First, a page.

Ms. Regan's 2017 federal income tax return shows annual income of $44,444.00, which is about $5,000 more than the annual gross income as reported on Schedule I. See Exhibits A and E.3 Ordinarily Ms. Regan's annual gross income is around $39,600. She earned extra income in 2017 because she taught summer school. Ms. Regan testified that she has been able to teach summer school for the last "couple of years." She is currently teaching summer school to earn additional income. When she works during the summer, she can earn about $4,500 in additional income. She could apply for summer programs at other schools, but she has not done so. She has also taken a second job at a JC Penny call center. No evidence of the additional income from Ms. Regan's job at the JC Penny call center was presented to the Court.

Ms. Regan's bankruptcy schedules do not reflect her additional income from summer employment, nor do they account for tax refunds. Last year, she received a tax refund of $700 from the State of New Mexico. She also received a federal tax income refund of $1,327.00 attributable to the 2017 tax year.

Since filing her bankruptcy petition, Ms. Regan has not applied for another ICRP. She has steady full-time employment as a teacher. She has generally been able to keep up with her bills, but once she had to take out a payday loan to cover her living expenses. She has an older car, no credit cards, and no family nearby. She acknowledged that she currently makes a little extra due to her summer teaching job, but she wants to use the additional income to take care of other necessities in her life. She would like to retire and feels that repayment of the student loan debt would be a huge burden for her in the future.

Student Loan Repayment Programs

The USDOE has a Public Service Loan Forgiveness Program ("PSLFP"). See 34 C.F.R. § 685.219. If a student loan borrower qualifies for the PSLFP and makes 120 consecutive qualifying payments, the balance of the loan is forgiven after ten years. A "qualifying" payment means a payment of the full amount of the scheduled loan payment made within 15 days of the loan payment due date. "Qualifying" payments do not have to be consecutive. However, a timely payment of less than the full amount of the scheduled payment, or a late payment of the full amount of the scheduled payment, does not count as a "qualifying" payment. Ms. Regan has applied for the PSLFP program. So far, she has made six qualifying payments. If Ms. Regan continues to qualify for the PSLFP by working as a teacher in a Title 1 school,4 and makes 114 additional, consecutive qualifying payments, her student loan would be forgiven in nine and one-half years.

A borrower under the PSLFP may also apply for an ICRP, or an income-based repayment plan ("IBRP"), which will determine the amount of the required "qualifying" payments under the PSLFP. See 34 C.F.R. § 685.208(k) (describing the income-contingent repayment plans) and 34 C.F.R. § 685.208(m) (describing the income-based repayment plan). Under an ICRP or an IBRP, a borrower can qualify for a reduced payment amount depending on the borrower's reported income. For the IBRP, the payment amount is 10% of the borrower's discretionary income, determined based on the borrower's adjusted gross income less 150% of the poverty guideline income for the same household size. For 2018, 150% of the poverty guideline income for a family of one is $18,210.00.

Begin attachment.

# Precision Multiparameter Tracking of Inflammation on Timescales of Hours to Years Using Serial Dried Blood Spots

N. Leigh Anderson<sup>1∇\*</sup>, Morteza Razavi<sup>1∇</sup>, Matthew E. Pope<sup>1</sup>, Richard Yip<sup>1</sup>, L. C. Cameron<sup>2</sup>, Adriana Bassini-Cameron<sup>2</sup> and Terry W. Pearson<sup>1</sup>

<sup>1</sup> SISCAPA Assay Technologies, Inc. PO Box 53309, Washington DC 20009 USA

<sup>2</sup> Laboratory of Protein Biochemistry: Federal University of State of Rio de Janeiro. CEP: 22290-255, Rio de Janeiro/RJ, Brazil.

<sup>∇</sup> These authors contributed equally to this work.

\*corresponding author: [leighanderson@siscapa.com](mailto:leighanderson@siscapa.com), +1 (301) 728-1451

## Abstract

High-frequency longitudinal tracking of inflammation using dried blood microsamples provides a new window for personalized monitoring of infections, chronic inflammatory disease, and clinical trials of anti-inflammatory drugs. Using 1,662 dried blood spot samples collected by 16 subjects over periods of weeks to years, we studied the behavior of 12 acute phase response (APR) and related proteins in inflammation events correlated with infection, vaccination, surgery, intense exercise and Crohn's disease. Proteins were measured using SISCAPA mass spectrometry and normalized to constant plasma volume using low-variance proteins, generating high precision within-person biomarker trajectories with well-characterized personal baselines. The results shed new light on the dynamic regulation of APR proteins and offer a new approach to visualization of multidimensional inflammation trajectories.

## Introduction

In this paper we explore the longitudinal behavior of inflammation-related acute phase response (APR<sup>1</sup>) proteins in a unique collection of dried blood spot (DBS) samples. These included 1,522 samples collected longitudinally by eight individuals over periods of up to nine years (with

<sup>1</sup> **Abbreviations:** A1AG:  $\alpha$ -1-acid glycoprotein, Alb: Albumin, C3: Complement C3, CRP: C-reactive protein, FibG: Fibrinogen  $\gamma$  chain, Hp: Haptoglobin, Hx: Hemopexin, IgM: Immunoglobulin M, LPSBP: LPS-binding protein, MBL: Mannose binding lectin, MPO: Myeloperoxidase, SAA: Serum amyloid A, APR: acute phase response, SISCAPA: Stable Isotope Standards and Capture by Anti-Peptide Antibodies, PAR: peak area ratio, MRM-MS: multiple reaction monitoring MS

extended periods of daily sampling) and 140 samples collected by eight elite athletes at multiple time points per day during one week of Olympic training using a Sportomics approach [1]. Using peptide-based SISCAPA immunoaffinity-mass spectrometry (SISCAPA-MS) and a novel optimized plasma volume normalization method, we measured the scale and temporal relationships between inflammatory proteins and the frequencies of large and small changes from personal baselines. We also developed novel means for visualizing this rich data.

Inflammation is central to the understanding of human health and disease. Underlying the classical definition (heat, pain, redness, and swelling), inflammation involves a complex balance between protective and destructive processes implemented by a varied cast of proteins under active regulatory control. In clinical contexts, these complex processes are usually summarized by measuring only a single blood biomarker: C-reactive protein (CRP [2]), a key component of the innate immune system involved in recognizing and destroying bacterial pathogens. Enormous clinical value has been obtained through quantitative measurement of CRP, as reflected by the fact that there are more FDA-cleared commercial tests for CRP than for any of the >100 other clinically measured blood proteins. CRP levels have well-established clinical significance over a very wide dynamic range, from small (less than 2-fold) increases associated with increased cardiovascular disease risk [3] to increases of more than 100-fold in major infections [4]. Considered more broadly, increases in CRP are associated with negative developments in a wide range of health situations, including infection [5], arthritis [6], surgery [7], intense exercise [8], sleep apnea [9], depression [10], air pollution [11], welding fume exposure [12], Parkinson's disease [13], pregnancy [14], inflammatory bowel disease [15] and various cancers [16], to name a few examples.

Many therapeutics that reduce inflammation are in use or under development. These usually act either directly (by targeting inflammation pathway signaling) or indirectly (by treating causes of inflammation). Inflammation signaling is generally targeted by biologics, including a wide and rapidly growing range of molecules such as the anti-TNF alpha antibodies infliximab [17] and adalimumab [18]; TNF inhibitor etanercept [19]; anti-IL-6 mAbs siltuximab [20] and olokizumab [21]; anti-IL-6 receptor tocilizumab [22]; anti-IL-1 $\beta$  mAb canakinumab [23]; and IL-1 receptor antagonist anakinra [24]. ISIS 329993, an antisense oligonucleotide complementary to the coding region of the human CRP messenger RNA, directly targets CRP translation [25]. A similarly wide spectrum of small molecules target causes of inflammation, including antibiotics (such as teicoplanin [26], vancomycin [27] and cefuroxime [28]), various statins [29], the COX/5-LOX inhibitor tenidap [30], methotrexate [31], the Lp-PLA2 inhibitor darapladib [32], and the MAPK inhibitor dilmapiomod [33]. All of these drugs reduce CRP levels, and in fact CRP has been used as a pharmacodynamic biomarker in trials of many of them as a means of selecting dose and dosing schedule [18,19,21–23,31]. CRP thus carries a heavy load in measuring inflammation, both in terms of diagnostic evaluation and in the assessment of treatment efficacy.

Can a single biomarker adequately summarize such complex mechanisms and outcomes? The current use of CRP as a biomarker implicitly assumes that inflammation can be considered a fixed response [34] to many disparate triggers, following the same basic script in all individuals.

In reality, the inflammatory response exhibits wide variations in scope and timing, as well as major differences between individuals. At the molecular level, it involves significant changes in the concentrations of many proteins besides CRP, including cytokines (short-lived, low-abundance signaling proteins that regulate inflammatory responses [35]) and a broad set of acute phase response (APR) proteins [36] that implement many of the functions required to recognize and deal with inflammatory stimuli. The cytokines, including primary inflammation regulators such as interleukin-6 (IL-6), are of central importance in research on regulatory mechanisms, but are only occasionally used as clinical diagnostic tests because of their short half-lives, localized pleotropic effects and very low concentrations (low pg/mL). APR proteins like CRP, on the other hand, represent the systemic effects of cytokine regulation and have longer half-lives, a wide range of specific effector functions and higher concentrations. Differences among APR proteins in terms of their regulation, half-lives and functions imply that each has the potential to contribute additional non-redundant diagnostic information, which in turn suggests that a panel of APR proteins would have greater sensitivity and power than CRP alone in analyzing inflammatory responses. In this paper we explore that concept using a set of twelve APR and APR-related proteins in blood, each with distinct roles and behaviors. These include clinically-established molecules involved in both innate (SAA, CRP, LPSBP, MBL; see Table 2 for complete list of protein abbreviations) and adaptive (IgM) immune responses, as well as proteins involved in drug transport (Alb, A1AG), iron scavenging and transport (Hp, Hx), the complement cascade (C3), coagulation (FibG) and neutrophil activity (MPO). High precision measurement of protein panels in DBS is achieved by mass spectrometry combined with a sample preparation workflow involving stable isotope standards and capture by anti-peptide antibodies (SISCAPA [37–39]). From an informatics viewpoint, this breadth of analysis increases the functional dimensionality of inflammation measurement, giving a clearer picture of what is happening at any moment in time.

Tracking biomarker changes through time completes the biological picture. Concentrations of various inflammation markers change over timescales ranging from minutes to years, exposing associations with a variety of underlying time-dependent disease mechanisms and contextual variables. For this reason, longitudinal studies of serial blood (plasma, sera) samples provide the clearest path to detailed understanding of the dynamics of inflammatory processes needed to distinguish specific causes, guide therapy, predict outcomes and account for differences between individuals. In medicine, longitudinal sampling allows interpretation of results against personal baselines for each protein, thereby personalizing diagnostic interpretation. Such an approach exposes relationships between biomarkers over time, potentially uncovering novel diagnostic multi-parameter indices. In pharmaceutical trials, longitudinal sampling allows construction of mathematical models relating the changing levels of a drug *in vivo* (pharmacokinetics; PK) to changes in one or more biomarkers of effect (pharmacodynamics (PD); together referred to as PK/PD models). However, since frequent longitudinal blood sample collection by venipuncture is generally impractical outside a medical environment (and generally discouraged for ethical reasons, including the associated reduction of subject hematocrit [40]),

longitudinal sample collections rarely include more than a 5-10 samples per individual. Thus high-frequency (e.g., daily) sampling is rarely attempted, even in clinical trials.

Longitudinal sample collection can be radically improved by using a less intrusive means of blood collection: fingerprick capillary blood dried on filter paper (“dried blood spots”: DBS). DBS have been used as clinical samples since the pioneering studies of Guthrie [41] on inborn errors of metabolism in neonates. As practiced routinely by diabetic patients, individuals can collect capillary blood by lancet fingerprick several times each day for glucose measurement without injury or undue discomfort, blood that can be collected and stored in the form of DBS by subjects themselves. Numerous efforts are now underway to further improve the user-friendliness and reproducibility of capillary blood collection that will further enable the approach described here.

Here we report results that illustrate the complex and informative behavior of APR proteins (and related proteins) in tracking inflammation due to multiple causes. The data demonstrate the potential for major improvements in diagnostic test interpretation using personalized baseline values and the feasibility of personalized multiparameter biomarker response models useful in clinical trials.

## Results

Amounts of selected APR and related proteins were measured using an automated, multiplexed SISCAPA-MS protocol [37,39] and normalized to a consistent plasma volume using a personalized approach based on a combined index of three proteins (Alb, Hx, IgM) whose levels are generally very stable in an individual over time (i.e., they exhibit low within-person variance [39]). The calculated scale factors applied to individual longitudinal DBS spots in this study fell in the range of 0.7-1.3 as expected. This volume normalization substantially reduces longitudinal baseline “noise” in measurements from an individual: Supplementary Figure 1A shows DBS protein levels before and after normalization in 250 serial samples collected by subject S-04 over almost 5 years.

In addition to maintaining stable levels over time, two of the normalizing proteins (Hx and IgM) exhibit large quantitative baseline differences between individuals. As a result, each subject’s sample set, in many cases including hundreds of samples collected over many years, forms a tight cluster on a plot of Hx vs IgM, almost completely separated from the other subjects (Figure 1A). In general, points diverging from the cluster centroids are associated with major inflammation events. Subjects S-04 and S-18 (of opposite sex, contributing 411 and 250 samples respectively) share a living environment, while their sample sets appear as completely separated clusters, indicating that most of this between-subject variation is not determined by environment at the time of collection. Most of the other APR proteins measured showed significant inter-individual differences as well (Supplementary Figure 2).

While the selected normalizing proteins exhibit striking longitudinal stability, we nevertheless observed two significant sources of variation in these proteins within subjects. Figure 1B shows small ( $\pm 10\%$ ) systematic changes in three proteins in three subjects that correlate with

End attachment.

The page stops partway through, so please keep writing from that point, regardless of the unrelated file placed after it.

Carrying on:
If Ms. Regan leaves her current job and is no longer eligible for the PSLFP, she may qualify for a standard ICRP or IBRP, provided her student loan is not in default. If Ms. Regan enrolls in a standard ICRP or IBRP, she will be required to make 240 or 300 qualifying payments on the unpaid balance of the student loan before the balance of the student loan debt is forgiven.

Based on Ms. Regan's adjusted gross income as reported on her 2017 Federal Income Tax return, Ms. Regan's payment under an IBRP would be $219 per month.5 A borrower participating in an IBRP and a PSLFP recertifies each year to confirm the borrower's income and that the borrower continues to work in a public service field. Based on the annual certification, if Ms. Regan's income were to decrease, her payments would decrease. If Ms. Regan's income were equal to or less than 150% of the poverty guideline, her required loan repayment amount would be zero, and those payments of $00.00 would still count as "qualifying" payments under the PSLFP. Ms. Regan could also apply for a forbearance if something unforeseen were to happen. If Ms. Regan retired during the loan repayment term under a PSLFP, she would no longer qualify to participate in a PSLFP because she would...

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3 cases
  • Stevenson v. Educ. Credit Mgmt. Corp. (In re Stevenson)
    • United States
    • U.S. Bankruptcy Court — District of New Mexico
    • 2 de abril de 2021
    ...he is intentionally creating his hardship.356 F.3d at 1309. The debtor must satisfy all three Brunner elements. In re Regan, 590 B.R. 567, 573 (Bankr. D.N.M. 2018). Failure to do so renders the debt nondischargeable. Id.D. Brunner Element #1: Minimal Standard of Living. "A minimal standard ......
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    ...debtor has made good faith efforts to repay the loans.The debtor bears the burden of satisfying all three elements. In re Regan, 590 B.R. 567, 573 (Bankr. D.N.M. 2018). Failure to satisfy any element renders the debt nondischargeable. Id.F. Debtor's Original Theory of the Case and Defendant......
  • Schuckman v. U.S. Dep't of Educ. (In re Schuckman), Case No. 17-10834
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    ...test, "the inquiry ends and the student loan is not dischargeable."). 40. Adv. Doc. 49. 41. See Regan v. U.S. Dept. of Educ. (In re Regan), 590 B.R. 567, 574 (Bankr. D. N.M. 2018) (minimal standard of living means "living within the strictures of a frugal budget," quoting Educ. Credit Mgmt.......